[3] Kianbakht, S., Khalighi-Sigaroodi, F., & Dabaghian, F. H. (2013). Improved glycemic control in patients with advanced type 2 diabetes mellitus taking Urtica dioica leaf extract: a randomized double-blind placebo-controlled clinical trial. Clinical laboratory, 59(9-10), 1071-1076.

[4] Nahata, A., & Dixit, V. K. (2014). Evaluation of 5α-reductase inhibitory activity of certain herbs useful as antiandrogens. Andrologenia, 46(4), 407-415.

[5] Kreutzkamp, B. (2018). The diuretic effect of the aqueous extract of Urtica dioica leaves in rats. European Journal of Medicinal Plants, 22(4), 1-7.

In summary, the scientific research on nettle leaf offers a fascinating glimpse into the plant’s potential benefits and applications in the realm of human health. While further studies are necessary to fully understand its efficacy and optimal usage, the existing body of research highlights nettle leaf’s remarkable versatility and potential as a natural remedy. As our understanding of this plant deepens, we may continue to uncover new ways to harness its properties for the benefit of our health and well-being.

VI. Ways to Use Nettle Leaf

The versatility of nettle leaf allows for a plethora of uses and applications, ranging from culinary creations to health-promoting remedies. By harnessing the potential of this extraordinary plant, individuals can access its numerous benefits and enrich their lives in many ways. The following is a compilation of diverse methods to utilize nettle leaf, catering to a wide spectrum of preferences and requirements:

  1. Culinary creations: Nettle leaf can be incorporated into a variety of dishes, adding a unique flavor and an abundance of nutrients. Young, tender leaves can be blanched and added to salads, soups, and stews, or transformed into a pesto for pasta dishes. Nettle leaf tea is another popular way to consume the plant, offering a soothing and invigorating beverage packed with beneficial compounds.
  2. Herbal remedies: Nettle leaf can be harnessed for its potential medicinal properties by creating infusions, tinctures, or capsules. Infusions and tinctures can be used to address various ailments, such as allergies, inflammation, and joint pain. Capsules containing nettle leaf powder offer a convenient way to access the plant’s health benefits in a concentrated form.
  3. Topical applications: Nettle leaf can be employed in various topical formulations to address skin issues and promote overall skin health. Creams and salves containing nettle leaf extract may help soothe irritated skin and support healing, while a nettle leaf hair rinse can potentially improve scalp health and enhance hair vitality.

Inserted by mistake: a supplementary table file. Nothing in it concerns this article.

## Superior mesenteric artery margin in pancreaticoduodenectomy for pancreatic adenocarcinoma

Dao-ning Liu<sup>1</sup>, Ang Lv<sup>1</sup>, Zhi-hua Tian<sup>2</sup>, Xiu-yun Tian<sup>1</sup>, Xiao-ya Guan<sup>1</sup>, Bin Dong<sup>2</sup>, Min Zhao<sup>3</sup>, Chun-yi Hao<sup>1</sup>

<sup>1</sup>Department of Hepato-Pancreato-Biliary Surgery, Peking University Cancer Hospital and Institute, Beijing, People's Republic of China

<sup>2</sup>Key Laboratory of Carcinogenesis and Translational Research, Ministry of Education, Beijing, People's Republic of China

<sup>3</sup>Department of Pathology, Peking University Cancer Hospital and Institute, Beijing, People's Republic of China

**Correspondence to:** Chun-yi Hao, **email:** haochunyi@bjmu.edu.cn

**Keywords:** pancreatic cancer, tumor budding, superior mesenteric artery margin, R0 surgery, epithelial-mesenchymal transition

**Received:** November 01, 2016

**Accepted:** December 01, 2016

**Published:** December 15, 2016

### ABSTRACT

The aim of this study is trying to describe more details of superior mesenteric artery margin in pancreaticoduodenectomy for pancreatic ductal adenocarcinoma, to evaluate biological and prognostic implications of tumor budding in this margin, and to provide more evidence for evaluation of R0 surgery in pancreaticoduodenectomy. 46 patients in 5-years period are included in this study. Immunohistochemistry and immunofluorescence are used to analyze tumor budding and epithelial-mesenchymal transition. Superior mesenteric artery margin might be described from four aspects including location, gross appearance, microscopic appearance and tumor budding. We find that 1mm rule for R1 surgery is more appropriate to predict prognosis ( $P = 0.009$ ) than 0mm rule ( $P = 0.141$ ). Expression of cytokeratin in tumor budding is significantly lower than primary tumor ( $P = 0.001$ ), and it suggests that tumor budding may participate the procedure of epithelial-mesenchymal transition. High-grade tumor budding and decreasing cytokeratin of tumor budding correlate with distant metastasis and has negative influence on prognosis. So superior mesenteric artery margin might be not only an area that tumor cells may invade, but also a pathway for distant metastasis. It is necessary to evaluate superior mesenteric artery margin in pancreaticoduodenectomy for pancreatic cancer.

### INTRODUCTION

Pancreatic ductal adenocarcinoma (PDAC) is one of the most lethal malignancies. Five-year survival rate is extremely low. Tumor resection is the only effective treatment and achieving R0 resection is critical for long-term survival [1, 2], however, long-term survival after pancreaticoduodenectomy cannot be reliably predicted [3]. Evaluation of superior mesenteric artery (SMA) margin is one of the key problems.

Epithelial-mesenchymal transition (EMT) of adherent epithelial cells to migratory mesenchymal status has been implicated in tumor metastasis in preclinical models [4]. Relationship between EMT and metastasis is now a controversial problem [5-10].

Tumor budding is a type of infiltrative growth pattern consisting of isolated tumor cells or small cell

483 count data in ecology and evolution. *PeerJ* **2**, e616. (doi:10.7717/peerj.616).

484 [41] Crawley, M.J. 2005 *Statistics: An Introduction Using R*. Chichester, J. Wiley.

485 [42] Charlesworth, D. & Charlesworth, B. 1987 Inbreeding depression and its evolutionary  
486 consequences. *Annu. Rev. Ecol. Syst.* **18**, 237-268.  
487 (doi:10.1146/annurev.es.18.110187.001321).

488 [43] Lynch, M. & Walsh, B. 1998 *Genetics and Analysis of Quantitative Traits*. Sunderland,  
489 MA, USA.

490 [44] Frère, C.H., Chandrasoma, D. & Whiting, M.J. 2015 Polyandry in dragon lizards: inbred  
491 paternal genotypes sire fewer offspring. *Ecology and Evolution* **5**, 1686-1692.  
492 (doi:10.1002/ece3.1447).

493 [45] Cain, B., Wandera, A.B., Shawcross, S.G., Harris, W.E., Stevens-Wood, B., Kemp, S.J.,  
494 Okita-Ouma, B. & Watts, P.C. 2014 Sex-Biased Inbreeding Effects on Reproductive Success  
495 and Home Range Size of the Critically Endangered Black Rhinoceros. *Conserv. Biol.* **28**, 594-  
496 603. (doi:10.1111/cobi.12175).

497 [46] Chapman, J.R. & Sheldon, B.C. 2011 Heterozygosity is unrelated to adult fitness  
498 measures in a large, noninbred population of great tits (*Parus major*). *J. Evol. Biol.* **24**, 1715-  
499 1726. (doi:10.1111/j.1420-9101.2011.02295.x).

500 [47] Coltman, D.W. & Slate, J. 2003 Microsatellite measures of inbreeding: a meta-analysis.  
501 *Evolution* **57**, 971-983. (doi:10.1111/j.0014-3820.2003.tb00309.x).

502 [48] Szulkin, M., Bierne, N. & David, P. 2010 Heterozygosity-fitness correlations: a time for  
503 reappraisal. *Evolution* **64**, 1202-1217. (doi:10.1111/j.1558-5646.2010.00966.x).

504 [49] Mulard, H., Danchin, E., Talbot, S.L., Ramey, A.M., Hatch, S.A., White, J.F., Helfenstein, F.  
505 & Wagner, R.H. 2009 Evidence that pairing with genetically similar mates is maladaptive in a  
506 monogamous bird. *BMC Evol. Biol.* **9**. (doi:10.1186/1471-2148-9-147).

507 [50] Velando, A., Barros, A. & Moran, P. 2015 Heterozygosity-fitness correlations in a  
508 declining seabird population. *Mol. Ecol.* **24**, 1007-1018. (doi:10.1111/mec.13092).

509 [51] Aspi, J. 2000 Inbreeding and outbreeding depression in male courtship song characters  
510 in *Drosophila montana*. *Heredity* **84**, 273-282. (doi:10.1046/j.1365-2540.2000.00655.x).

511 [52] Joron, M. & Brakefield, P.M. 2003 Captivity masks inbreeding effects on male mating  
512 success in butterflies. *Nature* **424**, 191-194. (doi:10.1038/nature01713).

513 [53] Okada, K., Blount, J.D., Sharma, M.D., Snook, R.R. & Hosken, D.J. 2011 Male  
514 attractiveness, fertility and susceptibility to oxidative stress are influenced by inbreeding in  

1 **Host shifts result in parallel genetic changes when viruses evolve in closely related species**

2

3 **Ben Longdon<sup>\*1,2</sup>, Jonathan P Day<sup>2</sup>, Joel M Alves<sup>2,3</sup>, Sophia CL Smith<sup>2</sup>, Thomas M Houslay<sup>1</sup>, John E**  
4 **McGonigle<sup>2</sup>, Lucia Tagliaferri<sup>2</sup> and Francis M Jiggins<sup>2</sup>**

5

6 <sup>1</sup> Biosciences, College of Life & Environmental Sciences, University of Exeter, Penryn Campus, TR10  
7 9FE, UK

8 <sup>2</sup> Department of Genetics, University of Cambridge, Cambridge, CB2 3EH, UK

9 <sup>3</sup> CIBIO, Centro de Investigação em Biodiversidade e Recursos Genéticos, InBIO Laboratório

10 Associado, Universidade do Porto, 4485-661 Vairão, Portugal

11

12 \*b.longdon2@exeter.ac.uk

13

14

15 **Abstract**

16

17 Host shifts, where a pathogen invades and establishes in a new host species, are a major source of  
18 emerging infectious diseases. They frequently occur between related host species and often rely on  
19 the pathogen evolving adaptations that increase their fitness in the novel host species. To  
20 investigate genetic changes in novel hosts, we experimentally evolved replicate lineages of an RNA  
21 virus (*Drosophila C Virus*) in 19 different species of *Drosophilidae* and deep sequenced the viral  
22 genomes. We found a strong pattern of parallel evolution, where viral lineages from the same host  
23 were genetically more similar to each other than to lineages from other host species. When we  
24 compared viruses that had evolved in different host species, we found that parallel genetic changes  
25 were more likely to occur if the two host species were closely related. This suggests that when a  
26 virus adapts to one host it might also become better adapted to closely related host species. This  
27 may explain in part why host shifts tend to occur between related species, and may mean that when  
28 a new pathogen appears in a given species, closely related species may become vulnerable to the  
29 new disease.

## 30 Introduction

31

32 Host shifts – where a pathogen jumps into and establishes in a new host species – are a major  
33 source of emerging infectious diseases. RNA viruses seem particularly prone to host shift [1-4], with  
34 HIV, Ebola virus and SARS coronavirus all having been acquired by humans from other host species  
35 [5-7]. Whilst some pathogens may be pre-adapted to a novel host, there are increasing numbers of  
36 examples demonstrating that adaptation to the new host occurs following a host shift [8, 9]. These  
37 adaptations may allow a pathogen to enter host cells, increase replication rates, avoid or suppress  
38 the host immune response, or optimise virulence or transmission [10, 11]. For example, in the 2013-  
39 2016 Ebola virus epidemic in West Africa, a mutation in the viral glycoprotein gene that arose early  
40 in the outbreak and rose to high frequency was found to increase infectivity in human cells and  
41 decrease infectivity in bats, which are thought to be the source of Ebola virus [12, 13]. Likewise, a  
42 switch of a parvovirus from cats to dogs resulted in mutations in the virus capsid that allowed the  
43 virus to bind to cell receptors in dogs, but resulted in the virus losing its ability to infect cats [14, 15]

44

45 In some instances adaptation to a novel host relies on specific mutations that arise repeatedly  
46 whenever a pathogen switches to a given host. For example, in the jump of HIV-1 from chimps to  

4. Gardening: Nettle leaf can be utilized as a natural fertilizer and pest repellent in the garden. A nettle leaf infusion can be applied to plants as a foliar spray, providing them with essential nutrients and deterring harmful insects. The infusion can also be added to the compost heap to accelerate decomposition and enhance the nutrient content of the compost.
  5. Textile applications: Individuals interested in sustainable and eco-friendly textile options can explore nettle leaf’s fibrous stems as a source of material. By processing the fibers, one can create durable fabrics and yarns suitable for crafting clothing, accessories, and household items.
  6. Natural dyeing: Nettle leaf can be employed as a source of natural dyes for textiles and other crafts. The plant’s leaves and stems produce vibrant green and yellow hues, offering an eco-friendly and sustainable alternative to synthetic dyes.

By exploring the multitude of ways to use nettle leaf, individuals can unlock the plant’s true potential and uncover a wealth of benefits that extend far beyond its humble appearance. Whether employed in the kitchen, the garden, or as a natural remedy, nettle leaf offers a versatile and valuable resource for those seeking to enrich their lives and enhance their well-being.

VII. Precautions and Safety Considerations

While nettle leaf offers a wealth of potential benefits, it is essential to be mindful of safety considerations and potential interactions to ensure its responsible and effective use. By taking appropriate precautions, individuals can enjoy the plant’s advantages while minimizing any potential risks. The following are key safety considerations and precautions to bear in mind when using nettle leaf:

  1. Handling fresh nettles: Nettle leaf is well-known for its stinging hairs, which can cause discomfort and irritation upon contact with the skin. To avoid the sting, it is advisable to wear gloves when handling fresh nettles. Once cooked or dried, the stinging hairs are deactivated, making the plant safe to handle without protective gear.
  2. Allergies and sensitivities: While relatively rare, some individuals may experience an allergic reaction or sensitivity to nettle leaf. Symptoms may include itching, rash, or difficulty breathing. If you suspect an allergy or sensitivity to nettle leaf, it is crucial to discontinue use and consult with a healthcare professional.